Quite naturally, Mike watched every new Disney movie that came out. His bedroom had Mickey Mouse sheets and pillowcases, and many Disney-themed toys. He watched the Disney Channel. He pored over books about the various attractions, and he and his father spent many happy hours planning where they'd stay, where they'd go and what they'd do. Should they take a room in one of the Value Resorts, or rent a cabin with a kitchenette? Would they spend the first day at Epcot or Blizzard Beach, or go into the Magic Kingdom straightaway? Together they looked at each and every possibility, down to the very most obscure offerings: looking over the brochures, they learned of the working barber shop on Main Street and the Armed Forces resort, Shades of Green, closed to all but servicemen by night but welcoming to golfers on the links nearby during the day. They discussed pin trading, hidden Mickeys, and changes in the parks like frequent visitors.

Only, they never went there. His father worked really hard on his job, and so he had very little time off. Mike's mom worked too, and every year, something came up. 

There was the year they were going to go in the fall, but that was the year there were all the hurricanes. There was the year he got a new baby sister, Willow, which meant that they couldn't go for at least a year or so.  There was the spring their car broke down, so they had to go to Gran'ma's instead. It was too hot in the summer in Florida. But his Dad was still the best! He was going to take them to Disney World! 

Only once, his faith in his dad was shaken. Charlie, the rich kid in class, went to Orlando, and he said he wasn't impressed. "It's just another amusement park." he said. "And it's full of crazy people." His parents had taken him everywhere. Why shouldn't Disney World be the best of the best? Why wasn't he happy?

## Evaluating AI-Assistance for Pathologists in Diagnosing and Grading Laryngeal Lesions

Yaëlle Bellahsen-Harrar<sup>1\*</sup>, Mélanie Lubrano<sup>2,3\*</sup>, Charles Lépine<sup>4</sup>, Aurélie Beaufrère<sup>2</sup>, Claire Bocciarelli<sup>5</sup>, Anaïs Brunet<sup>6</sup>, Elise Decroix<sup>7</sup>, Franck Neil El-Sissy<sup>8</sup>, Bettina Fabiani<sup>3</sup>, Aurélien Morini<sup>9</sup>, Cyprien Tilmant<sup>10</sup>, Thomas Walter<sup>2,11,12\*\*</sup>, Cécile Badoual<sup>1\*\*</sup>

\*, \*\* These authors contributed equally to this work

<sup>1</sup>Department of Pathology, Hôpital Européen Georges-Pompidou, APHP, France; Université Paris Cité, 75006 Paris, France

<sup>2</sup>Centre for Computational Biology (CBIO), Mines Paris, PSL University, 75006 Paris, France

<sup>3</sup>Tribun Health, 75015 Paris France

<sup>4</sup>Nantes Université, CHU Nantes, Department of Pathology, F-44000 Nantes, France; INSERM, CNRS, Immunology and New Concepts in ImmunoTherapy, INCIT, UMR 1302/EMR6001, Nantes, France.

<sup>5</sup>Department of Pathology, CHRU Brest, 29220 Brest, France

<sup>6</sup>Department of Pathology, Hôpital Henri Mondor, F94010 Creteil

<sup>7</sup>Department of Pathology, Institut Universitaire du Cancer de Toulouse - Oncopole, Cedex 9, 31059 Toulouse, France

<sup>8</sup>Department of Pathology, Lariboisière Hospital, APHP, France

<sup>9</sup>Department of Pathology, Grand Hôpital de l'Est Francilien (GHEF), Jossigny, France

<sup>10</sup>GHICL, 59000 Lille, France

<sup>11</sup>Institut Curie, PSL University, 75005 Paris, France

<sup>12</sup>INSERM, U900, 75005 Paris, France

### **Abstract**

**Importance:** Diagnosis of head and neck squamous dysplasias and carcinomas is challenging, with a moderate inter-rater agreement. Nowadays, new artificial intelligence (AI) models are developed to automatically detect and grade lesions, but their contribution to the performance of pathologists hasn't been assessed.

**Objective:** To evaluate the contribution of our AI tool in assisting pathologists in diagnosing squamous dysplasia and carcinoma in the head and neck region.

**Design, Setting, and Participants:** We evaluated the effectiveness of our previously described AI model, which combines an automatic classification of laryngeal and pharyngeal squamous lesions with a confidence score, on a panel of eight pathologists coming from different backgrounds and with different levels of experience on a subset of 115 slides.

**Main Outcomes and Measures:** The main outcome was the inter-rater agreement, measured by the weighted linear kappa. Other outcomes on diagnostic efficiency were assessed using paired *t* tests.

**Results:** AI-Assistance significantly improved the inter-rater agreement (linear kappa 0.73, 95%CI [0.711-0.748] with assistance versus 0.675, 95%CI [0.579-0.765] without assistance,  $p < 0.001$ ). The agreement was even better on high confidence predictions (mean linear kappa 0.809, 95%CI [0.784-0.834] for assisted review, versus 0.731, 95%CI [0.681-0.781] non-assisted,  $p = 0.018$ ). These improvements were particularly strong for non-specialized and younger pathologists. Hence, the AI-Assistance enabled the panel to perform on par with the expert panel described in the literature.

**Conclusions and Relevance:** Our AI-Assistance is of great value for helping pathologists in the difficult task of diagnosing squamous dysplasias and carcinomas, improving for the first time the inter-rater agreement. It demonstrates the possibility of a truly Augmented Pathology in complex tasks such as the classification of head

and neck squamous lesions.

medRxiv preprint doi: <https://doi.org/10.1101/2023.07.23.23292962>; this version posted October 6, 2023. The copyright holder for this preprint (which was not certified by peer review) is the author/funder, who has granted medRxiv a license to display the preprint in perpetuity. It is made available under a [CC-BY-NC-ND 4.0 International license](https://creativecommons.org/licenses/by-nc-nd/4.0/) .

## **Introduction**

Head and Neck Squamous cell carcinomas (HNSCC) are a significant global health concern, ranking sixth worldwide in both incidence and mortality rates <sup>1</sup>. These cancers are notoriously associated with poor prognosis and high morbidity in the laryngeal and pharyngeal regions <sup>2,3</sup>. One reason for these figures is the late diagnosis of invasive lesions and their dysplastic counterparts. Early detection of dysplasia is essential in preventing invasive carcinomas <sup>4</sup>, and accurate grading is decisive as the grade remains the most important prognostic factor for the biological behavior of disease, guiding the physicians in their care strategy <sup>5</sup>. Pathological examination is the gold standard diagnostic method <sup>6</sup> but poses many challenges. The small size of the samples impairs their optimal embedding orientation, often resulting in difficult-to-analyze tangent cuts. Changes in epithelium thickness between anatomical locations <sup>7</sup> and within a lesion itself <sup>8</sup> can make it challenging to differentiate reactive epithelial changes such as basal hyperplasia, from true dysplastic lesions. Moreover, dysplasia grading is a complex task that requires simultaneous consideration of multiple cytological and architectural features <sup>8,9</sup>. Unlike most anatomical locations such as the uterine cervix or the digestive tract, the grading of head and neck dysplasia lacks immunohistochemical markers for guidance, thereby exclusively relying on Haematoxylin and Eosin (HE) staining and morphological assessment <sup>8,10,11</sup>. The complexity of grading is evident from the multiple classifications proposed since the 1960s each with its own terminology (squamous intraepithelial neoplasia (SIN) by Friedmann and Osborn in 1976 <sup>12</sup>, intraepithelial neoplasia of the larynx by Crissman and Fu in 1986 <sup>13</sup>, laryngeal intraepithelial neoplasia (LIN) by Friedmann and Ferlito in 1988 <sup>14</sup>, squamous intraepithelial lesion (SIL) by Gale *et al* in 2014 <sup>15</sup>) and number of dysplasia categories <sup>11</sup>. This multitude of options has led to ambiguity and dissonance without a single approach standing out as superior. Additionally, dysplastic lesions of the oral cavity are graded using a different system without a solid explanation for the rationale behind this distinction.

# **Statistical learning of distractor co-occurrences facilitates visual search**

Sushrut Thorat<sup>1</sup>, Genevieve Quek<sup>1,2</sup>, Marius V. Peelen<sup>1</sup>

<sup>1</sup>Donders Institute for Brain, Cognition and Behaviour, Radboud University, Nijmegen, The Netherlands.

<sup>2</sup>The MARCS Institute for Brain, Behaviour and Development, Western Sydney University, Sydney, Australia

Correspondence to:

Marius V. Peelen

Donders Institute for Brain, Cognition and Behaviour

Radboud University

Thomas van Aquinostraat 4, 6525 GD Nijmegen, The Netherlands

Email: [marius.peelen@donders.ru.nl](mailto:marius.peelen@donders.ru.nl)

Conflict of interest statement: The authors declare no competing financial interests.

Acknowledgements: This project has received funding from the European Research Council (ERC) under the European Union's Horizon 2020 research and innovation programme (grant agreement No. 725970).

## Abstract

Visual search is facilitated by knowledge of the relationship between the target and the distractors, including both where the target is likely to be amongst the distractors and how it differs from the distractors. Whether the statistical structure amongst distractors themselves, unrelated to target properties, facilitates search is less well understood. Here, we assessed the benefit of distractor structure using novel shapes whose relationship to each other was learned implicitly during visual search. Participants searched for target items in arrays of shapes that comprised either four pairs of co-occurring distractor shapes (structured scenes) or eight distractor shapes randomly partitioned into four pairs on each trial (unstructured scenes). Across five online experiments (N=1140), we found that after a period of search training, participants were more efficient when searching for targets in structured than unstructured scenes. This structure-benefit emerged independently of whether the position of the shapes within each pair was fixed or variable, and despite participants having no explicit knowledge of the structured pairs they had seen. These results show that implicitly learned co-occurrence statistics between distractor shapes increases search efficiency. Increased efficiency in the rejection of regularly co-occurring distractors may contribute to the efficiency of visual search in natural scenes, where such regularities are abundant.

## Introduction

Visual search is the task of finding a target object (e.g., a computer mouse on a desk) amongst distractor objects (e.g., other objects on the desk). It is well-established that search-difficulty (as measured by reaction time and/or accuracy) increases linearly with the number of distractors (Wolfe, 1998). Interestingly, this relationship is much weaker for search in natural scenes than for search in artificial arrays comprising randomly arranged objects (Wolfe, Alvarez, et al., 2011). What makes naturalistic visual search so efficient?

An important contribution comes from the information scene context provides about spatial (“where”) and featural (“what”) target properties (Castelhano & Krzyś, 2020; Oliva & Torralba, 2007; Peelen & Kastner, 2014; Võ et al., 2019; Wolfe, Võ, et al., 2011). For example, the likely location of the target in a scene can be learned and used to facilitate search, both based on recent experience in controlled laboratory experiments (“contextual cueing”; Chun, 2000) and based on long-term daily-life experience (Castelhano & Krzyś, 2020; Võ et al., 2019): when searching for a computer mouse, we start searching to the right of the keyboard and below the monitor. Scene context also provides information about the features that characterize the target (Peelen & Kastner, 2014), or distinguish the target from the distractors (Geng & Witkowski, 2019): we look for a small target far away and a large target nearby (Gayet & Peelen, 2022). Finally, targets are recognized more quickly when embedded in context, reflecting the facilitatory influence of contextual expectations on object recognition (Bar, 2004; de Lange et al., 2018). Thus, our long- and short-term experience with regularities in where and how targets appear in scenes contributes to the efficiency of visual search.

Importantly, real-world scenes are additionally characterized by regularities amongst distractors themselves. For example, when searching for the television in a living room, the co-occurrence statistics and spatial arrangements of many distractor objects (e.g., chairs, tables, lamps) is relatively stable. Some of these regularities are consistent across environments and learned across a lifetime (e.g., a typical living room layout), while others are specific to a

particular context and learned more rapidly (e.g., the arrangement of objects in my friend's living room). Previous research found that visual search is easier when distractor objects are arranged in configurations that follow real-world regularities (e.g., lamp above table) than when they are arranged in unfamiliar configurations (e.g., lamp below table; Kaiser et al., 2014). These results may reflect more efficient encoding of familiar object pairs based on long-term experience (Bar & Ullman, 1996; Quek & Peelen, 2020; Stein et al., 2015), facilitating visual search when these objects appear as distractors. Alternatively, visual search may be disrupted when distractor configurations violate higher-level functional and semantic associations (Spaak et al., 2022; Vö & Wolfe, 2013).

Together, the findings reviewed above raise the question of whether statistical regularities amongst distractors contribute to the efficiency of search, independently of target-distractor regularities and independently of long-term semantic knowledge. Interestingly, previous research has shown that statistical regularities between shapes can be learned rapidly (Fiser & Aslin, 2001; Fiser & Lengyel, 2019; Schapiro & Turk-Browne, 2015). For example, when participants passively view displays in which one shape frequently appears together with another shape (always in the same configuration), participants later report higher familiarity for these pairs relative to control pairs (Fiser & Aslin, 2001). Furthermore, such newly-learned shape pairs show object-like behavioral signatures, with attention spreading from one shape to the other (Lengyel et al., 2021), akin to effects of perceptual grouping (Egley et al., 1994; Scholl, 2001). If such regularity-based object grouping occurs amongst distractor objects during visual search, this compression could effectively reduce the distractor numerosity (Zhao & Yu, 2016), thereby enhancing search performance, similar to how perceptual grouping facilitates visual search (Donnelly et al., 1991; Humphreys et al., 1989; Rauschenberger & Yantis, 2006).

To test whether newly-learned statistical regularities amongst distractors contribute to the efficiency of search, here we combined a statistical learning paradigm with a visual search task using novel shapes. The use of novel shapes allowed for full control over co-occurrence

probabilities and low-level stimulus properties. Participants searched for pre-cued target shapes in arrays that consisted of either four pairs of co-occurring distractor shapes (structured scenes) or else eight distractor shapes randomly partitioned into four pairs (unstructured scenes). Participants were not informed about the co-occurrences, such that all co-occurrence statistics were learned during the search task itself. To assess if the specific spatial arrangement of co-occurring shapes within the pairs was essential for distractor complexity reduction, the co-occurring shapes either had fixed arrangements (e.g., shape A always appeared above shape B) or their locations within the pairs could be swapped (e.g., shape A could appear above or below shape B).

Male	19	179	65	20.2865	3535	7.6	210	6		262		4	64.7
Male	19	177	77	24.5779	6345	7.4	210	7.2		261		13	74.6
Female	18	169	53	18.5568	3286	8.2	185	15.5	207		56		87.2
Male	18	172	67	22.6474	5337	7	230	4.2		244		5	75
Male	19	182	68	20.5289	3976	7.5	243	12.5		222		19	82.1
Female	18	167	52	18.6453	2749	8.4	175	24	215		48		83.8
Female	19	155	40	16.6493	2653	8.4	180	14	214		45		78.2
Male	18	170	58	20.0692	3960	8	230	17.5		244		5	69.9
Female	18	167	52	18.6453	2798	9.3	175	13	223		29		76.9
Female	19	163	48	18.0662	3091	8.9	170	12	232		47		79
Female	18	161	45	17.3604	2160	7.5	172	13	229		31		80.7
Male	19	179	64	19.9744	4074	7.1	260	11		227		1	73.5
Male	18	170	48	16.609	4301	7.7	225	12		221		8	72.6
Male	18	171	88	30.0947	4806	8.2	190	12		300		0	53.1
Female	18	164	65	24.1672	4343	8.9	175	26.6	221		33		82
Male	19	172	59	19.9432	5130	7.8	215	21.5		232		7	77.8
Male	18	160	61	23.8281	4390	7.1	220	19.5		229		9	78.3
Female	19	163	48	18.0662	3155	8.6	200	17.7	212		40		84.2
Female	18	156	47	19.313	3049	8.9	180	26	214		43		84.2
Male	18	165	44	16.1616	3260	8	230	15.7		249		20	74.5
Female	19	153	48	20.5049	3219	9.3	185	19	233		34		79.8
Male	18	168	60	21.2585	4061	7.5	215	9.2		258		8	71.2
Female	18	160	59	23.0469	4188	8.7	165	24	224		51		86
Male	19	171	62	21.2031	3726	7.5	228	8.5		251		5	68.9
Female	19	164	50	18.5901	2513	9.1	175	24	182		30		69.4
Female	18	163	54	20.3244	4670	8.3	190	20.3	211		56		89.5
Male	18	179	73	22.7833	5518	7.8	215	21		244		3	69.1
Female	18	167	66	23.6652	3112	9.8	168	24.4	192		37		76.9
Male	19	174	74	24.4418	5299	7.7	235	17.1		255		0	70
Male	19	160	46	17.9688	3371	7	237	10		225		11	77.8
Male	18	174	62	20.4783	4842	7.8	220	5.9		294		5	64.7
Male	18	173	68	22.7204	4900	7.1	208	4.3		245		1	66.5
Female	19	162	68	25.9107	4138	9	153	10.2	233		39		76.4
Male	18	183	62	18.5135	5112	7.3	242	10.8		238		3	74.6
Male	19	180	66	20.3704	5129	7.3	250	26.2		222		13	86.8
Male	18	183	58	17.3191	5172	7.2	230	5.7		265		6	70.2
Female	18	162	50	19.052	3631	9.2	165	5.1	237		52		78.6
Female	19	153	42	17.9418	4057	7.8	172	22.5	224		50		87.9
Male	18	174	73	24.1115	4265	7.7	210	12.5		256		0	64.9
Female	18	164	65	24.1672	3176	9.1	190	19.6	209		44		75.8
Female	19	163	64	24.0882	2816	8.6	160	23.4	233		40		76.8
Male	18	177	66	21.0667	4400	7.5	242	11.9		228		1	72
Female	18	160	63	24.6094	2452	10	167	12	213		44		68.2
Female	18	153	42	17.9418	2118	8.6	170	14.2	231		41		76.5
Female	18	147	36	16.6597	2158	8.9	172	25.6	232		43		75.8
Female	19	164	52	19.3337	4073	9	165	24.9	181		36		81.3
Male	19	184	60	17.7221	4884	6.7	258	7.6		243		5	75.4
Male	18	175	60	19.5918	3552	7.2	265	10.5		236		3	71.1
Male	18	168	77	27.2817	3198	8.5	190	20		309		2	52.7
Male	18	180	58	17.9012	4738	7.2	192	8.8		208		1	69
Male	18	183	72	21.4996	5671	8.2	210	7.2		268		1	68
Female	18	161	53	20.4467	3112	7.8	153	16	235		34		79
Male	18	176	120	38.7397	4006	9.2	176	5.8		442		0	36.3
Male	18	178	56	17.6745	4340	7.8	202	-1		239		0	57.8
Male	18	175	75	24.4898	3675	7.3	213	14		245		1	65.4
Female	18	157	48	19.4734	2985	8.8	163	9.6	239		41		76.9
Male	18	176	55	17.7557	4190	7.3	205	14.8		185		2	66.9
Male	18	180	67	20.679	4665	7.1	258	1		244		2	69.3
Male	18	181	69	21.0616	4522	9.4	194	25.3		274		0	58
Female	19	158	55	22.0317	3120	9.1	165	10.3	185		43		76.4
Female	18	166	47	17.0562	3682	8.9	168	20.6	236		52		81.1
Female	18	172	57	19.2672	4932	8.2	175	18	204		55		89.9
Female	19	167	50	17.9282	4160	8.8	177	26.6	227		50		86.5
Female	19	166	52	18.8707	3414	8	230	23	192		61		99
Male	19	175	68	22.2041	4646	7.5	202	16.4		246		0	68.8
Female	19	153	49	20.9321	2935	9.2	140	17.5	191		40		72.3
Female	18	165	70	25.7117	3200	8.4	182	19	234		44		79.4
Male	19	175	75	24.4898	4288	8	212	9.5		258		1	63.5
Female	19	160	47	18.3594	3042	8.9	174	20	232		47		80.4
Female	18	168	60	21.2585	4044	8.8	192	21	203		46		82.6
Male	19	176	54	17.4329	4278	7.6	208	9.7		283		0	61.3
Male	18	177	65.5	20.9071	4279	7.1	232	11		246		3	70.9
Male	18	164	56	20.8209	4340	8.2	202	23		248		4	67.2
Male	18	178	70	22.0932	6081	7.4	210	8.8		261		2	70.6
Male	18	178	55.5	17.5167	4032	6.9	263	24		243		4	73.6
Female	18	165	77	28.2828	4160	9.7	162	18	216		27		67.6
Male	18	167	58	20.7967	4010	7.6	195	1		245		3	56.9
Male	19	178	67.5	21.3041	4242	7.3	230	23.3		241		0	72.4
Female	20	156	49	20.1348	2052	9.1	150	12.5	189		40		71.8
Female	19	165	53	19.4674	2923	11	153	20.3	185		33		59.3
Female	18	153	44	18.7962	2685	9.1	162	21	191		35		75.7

Charlie said he liked going to his uncle's in Cape Cod, where he had a boat. 
     "But, they've got boats in Disney World. Lots of them.You could be on a pirate ship!" 
     "It's just not the same." 

Willow, too, was not as Disney-centric as Mike was. Although she'd gone through the Princess stage, she was uninterested in Miley Ray Cyrus, Raven, or Lizzie McGuire. She watched the Travel Channel, and National Geographic, and sometimes the Style Network. 
     "You could go to Epcot." he'd said, when he was thirteen. "They have French restaurants."
     "Big deal." she said, a smart nine-year-old. "I'd rather go to the real Paris." 
     "Paris has Disneyland Europe."
     "It also has real live castles that had real live kings living there. It's not some fake junk you can't walk around in."
     "You can walk around in Cinderella's castle. They have a restaurant and a gift shop. If you're lucky you get to stay in the Dream Suite."
     "Again big deal. It's fake."